A Byzantine image of Christ, a mosaic, created in the 13th century in modern day Turkey. There is no Western European influence on either the style or content of Byzantine art of this period. I’m looking in vain for blue eyes, by the way. The white highlights are not representative of the skin color (which is brown) but artistic portrayals of uncreated light emanating from the Light of the World

Consistent with this broader narrative, art history for the cultural Marxist is always described through the lens of class struggle, defining categories of people by race or gender, for example, in which one category, for example, caucasian males, are oppressors who exerts power and domination over all others, who are the oppressed. Rarely, for example, is an artist or his patron of the past assumed to be motivated by an authentic faith and by the love of the Church. Human motivation, in their eyes, is always attributable to socio-economic factors and to promote the power, the wealth and the status of the oppressor class.

As Christians we must be aware of this narrative and be ready to counter it forcefully. Striving for an authentic and beautiful culture is part of how we wage the war for the good and, contrary to the effect of Marxism, the measure of our victory is peace. The culture war is a real one, and those against whom we are pitted are setting a trajectory that has the elimination of the Church as one of its goals.

As part of our response, we must first appreciate the importance of culture in transmitting values, just as the socialists have done, and then strive to create a beautiful culture that reflects our values and will displace the Marxist inspired culture. We should reject the assertion that cultural diversity is a good and assert, rather, that a Christian culture is superior to, and more beautiful, than all other cultures.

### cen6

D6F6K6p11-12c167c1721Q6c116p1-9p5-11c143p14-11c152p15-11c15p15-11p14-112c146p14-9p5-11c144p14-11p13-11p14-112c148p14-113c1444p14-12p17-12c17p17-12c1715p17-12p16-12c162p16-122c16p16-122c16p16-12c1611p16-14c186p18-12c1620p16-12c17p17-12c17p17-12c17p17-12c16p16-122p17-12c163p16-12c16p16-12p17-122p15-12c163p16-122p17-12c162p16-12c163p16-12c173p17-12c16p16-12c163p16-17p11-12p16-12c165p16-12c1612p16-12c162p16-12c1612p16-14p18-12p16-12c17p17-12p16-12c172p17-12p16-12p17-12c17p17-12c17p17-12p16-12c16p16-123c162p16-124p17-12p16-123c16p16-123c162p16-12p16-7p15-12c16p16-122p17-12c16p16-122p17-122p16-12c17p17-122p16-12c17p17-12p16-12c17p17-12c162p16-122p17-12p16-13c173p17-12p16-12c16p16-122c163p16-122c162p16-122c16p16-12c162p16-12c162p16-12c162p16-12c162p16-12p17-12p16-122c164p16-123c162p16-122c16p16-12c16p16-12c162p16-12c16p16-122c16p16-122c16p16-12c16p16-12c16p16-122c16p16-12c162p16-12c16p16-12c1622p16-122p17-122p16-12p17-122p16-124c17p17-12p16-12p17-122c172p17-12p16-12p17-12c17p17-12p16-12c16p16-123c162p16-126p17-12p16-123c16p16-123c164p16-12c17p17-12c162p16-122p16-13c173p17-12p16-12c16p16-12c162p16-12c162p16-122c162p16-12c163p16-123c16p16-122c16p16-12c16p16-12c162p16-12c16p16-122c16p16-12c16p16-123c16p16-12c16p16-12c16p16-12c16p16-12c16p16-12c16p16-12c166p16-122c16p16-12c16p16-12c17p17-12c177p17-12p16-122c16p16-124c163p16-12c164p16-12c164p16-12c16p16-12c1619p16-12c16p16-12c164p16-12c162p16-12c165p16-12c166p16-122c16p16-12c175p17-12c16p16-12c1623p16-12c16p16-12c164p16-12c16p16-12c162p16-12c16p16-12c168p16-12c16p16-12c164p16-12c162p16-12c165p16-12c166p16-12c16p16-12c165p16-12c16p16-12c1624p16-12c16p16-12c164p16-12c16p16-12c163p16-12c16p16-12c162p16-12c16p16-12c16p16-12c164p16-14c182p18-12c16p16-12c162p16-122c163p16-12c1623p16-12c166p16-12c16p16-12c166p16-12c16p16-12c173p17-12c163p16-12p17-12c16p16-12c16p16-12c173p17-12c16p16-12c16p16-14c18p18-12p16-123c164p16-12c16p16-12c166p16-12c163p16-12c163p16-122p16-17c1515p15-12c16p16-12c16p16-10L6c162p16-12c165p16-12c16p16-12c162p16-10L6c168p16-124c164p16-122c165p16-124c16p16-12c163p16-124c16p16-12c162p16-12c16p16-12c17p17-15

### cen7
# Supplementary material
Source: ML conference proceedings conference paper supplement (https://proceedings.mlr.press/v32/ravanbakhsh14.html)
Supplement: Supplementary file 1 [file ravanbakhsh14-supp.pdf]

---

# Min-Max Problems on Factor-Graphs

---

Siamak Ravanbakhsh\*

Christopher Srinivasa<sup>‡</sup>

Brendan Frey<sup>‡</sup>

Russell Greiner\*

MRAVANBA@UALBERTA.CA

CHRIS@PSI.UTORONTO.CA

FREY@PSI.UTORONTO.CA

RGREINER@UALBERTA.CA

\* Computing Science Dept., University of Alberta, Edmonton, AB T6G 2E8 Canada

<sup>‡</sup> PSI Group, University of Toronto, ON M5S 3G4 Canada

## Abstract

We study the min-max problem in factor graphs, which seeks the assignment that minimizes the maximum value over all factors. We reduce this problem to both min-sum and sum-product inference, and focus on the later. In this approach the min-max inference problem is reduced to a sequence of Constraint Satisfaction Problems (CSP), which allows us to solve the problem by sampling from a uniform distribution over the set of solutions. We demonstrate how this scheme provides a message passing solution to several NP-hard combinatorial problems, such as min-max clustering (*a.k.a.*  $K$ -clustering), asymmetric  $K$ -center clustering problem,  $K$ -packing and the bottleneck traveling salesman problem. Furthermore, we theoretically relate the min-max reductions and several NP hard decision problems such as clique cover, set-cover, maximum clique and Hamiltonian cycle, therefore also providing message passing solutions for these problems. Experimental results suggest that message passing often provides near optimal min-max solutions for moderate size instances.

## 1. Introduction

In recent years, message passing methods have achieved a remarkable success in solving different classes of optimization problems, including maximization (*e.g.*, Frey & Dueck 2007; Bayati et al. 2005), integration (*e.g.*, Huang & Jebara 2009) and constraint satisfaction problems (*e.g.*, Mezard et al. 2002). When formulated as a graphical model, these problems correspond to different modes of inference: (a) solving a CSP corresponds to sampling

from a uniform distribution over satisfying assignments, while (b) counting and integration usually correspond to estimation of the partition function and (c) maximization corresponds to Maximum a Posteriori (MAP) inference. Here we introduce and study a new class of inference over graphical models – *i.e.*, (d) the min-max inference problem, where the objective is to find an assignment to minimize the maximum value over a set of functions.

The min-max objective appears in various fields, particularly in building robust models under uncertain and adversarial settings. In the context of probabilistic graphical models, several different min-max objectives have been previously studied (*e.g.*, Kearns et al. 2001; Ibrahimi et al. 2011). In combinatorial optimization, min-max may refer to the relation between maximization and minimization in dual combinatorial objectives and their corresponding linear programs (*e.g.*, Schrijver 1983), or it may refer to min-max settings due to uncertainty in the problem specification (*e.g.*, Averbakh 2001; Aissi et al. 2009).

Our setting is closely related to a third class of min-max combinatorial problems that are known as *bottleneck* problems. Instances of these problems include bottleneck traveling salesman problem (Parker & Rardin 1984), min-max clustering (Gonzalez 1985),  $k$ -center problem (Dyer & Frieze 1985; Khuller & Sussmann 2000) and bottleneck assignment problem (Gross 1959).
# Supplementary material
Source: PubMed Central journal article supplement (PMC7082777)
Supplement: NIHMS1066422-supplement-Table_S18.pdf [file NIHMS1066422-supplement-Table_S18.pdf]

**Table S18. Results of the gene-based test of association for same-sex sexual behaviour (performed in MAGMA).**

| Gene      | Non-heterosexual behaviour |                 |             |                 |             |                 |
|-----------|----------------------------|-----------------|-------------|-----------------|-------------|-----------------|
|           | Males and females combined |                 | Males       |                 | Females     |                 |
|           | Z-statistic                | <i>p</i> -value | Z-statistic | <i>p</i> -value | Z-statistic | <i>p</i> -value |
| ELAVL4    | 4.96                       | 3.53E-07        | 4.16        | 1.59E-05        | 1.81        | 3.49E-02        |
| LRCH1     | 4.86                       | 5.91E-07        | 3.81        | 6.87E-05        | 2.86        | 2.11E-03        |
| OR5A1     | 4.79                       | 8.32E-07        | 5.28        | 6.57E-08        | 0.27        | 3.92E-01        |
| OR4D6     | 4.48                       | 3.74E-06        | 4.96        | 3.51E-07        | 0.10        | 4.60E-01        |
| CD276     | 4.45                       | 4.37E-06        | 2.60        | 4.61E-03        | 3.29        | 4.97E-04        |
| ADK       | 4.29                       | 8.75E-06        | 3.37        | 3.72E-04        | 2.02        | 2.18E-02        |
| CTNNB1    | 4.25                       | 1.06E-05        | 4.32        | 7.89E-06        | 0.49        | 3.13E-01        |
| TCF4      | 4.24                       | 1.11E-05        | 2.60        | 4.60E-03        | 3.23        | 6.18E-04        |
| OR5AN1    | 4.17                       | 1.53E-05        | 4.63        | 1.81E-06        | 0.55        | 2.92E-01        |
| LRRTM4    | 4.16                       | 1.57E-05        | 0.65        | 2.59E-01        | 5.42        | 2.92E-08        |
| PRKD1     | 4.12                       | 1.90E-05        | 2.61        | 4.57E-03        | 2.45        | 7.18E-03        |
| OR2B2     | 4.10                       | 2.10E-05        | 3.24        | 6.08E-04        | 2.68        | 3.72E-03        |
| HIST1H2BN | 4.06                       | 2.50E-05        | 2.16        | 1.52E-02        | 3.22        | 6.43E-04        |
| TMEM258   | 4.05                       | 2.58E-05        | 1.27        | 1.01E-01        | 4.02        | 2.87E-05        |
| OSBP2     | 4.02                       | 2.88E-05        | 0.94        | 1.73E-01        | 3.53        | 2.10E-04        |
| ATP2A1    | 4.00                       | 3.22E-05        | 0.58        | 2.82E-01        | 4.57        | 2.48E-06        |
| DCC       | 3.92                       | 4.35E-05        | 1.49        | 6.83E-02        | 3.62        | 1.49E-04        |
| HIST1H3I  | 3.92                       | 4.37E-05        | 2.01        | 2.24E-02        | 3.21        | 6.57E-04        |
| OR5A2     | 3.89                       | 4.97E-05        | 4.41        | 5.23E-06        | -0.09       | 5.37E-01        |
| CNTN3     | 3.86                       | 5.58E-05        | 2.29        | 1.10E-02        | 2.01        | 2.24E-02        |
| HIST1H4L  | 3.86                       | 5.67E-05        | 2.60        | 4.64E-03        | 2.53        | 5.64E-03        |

In the context of sacred art it means that we assert the value of the traditions of Christian sacred art forcefully and counter the Marxist narrative of history with the Christian salvation history. It means also, working to change or replace existing art schools, and providing a more compelling critique of art than that of the critics in the mainstream media. Nearly every newspaper or TV station art correspondent is pushing Marxist ideology in the form of Critical Theory. In order to do this we must be aware of both what we stand for and what the Marxist theorists stand for.

Liberation theology, condemned by the Church, is a failed attempt to reconcile Marxism and Christianity

The most powerful way to counter this threat to the Church is by creating a culture that reflects the beauty of God and the divine order that is more desirable than all others. A Christian culture is a beautiful gift that should be offered to all peoples, along with the Faith that it emanates from and directs us to. A Christian culture should characterize the society from which emanates and so, as Americans, we should aim to reestablish American culture, a culture that is beautiful, Christian, and characteristically American.

American gothic: Duke University Chapel, exterior and, below, interior